In addition to achieving the desired immune response by harnessing the host cell’s ability to produce antigens, our approach also avoids costly and time-consuming protein-based antigen development. Instead, as the encoded mRNA actively propagates, the antigen is expressed at a high level.

Team

Project 3: Validate the safety and efficacy of vaccine candidates in vivo

Chlamydia trachomatis

Chlamydia trachomatis. Image courtesy of the National Cancer Institute.

Our Project 3 focus is validating the safety and efficacy of our candidate Ct vaccines in vivo. We anticipate that through these activities, we will be able to refine, and possibly combine, formulations developed in Project 1 and Project 2.

Team

Supporting cores

Three supporting cores will enable Center investigators to use state-of-the-art methodologies, including protein production, in their research projects as well as bioinformatic and immunological analyses.

NLP

Core 1 supports the entire Center with the most rigorous and state-of-the-art computational biology and biostatistics.

Core 1 provides an integrated set of tools to support biostatistical and bioinformatics design, analysis, and data sharing across the research projects. Bioinformatic analysis will support Project 1 and Project 2, while all three research projects will use statistical analyses for hypothesis support and significance testing.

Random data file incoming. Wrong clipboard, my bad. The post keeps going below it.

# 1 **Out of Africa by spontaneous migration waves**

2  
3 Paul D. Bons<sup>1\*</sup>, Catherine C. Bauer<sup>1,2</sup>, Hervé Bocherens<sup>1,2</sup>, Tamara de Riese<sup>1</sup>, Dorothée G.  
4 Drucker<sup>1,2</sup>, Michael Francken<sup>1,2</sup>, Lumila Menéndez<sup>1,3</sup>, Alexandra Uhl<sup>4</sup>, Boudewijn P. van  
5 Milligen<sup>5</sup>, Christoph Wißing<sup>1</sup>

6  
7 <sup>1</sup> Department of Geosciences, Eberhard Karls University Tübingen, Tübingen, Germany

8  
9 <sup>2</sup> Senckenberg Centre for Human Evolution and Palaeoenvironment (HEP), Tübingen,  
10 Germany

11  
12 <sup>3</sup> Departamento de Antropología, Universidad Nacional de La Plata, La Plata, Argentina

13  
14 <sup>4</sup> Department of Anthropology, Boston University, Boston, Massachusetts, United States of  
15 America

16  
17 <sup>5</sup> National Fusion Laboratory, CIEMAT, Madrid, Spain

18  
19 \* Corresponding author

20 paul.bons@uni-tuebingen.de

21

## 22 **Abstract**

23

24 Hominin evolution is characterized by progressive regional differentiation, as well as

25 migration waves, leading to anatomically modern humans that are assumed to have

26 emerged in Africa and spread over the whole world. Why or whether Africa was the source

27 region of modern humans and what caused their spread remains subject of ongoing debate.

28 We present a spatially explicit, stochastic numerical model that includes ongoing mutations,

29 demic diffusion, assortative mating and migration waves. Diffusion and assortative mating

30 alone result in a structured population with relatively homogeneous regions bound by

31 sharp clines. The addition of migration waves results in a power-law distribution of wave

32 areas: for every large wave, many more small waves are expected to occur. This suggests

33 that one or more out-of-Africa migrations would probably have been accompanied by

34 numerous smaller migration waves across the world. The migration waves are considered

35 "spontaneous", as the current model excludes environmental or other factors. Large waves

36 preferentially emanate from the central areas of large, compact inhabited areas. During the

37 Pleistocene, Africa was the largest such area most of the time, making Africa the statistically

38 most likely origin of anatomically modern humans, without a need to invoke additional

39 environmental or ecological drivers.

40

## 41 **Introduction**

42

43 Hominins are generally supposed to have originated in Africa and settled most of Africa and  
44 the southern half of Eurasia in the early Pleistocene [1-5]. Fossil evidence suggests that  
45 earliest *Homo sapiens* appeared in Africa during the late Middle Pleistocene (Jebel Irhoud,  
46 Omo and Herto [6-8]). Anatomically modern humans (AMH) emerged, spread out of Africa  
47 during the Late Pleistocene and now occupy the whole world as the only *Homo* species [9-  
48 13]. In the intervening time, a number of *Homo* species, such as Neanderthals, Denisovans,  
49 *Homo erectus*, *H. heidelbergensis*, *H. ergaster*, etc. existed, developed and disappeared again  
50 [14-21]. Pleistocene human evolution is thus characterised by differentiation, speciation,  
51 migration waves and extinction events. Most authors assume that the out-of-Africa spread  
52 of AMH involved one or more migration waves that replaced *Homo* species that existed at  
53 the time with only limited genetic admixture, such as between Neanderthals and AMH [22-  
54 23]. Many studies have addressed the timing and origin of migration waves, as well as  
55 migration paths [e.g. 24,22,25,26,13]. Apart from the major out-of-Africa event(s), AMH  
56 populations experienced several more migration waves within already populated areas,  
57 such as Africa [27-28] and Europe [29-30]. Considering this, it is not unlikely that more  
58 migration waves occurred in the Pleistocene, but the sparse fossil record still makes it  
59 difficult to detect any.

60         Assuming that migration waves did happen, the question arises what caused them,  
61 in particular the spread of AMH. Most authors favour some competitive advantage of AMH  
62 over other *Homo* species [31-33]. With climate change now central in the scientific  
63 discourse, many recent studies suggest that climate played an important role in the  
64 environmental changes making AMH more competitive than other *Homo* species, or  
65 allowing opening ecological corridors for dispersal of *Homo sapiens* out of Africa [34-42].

Team
ALT

Core 2 supports the Center by providing instrumentation such as a three-dimensional light sheet microscope.

Core 2 provides facilities, instrumentation, and storage necessary for production, characterization, preservation, and distribution of NLP particles and protein antigens. The Core 2 team produces plasmids needed for cell-free translation within Project 1, as well as purified proteins and complexed NLPs for vaccine testing.

Team
Researchers using a cell sorter

Core 3 supports all three research projects with expert immunological analyses and pathology services.

Core 3 provides immunological analyses and safety/pathology services. The Core 3 team works closely with Project 1 and Project 2 to provide quantitative data regarding the immune response initiated by vaccine candidates. In addition, the Core 3 team characterizes the immune responses induced in mice, supporting the work done by the Project 3 research team.

Team

Timeline

Our initial research plan focuses on developing and testing a safe and effective Ct vaccine that overcomes the limitations of current vaccine efforts and leverages LLNL-developed nanotechnology.

  • Years 1–3: Formulation development and application
  • Years 2–4: Safety
  • Years 3–5: Efficacy

By the end of the Center’s first five years, we anticipate that our research team will establish the foundation needed to move the work toward industrial testing and clinical trials and be poised to provide a critical technology path forward for addressing other vaccine needs.

News and Publications

Our Team

The Center is a collaboration between LLNL scientists, who developed the nanotechnology platform, and researchers at two University of California (UC) campuses, including a leading expert in chlamydia biology from UC Irvine and experts from UC Davis who will focus on studying the safety and efficacy of the vaccine formulations.

Center directors

Matthew  Coleman

Matthew Coleman

LLNL/UC Davis

Lead, Project 1
Lead, Administrative Core

Luis de la  Maza

Luis de la Maza

UC Irvine

Lead, Project 3